I really enjoyed Warpstock 2005 and I received an enormous amount of very helpful information.

My OS/2 bio

A brief summary of my background includes a visit to the past when in late 1960's I became involved with IBM's APL, my beginnings with personal computing. Others and I were free of the raised floor, glass house computer centers. The downturn and collapse of industrial and academic computing departments had begun. I had an IBM 2741 "typewriter" communication terminal at home, a 150-300 baud acoustical modem and was on my way. In the 1970's I had the chance to touch the IBM 5100 and IBM 5110 "portable" 100 pound computers. Well, less than 100 pounds, but heavy and bulky. In the early 1990's, I first saw OS/2 on the mainframe. I donated my IBM 2741 terminal to the university around 1984 after the IBM-PC announcement. In 1995, I received an IBM "AMBRA" 90Meg Pentium and began with the OS/2 Ver2.1 trial diskettes. My primary hobby platform now is a Dell Dimension 3Gig-P4 running OS/2 Ver4.5 Fixpak3 in a 30+ Gig partition. My hobby is Project Odin.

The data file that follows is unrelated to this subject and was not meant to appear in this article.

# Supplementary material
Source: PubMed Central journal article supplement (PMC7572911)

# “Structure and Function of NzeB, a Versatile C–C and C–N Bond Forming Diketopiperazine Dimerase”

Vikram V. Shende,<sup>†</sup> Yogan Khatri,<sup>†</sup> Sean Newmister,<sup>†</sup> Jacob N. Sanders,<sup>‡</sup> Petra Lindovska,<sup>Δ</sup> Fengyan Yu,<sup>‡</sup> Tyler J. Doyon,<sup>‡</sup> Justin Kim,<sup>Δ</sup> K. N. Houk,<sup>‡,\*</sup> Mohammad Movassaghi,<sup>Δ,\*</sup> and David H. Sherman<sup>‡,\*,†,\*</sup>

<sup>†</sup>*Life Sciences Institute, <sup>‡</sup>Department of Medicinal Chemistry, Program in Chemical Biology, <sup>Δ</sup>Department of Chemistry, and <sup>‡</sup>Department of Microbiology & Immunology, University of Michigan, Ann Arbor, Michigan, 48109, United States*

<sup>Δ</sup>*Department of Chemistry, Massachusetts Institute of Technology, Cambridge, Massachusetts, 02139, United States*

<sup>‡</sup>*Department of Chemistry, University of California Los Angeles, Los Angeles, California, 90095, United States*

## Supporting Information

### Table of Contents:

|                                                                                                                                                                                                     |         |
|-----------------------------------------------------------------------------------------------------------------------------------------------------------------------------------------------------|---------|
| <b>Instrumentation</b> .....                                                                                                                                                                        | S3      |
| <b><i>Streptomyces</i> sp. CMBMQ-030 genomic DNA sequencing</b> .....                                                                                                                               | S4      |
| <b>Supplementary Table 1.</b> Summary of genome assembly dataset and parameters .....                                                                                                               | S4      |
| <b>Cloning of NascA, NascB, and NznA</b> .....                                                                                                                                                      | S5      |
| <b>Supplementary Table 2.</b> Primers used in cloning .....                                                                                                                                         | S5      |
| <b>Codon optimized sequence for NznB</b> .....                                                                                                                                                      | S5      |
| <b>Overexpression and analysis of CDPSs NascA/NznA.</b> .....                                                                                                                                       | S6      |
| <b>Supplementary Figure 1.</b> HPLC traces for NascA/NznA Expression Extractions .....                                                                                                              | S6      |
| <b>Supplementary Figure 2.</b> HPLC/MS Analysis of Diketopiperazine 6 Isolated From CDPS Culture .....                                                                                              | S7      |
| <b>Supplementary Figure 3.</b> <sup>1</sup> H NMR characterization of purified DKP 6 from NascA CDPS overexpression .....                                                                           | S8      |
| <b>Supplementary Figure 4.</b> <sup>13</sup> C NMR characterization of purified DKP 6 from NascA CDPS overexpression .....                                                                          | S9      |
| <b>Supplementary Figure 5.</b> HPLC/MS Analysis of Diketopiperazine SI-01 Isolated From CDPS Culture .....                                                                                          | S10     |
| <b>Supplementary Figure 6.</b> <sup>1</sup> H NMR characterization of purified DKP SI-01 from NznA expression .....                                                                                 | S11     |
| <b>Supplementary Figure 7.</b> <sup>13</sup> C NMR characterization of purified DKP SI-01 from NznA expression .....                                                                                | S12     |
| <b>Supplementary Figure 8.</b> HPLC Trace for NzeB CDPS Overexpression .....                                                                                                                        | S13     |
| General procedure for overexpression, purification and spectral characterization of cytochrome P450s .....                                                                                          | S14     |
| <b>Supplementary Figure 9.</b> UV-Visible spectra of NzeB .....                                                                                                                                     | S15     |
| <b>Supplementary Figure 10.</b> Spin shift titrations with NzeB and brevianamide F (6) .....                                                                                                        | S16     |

OS/2 was an enjoyable education for me. About 5 years ago, I sent my first report on several PCI sound cards to the OS/2 community. Recently, I helped with the request for documentation on Power PC-OS/2. I extend my thanks to the OS/2 community for help with IBM and DANI "-506.ADD" and other drivers. I thank RSJ and F/X for their products that I purchased. I also had the joy and pleasure with IBM OS/2 Speech Recognition. I hope to reinstall IBM Speech soon.

Formatting: Christian Hennecke
Editing: James Moe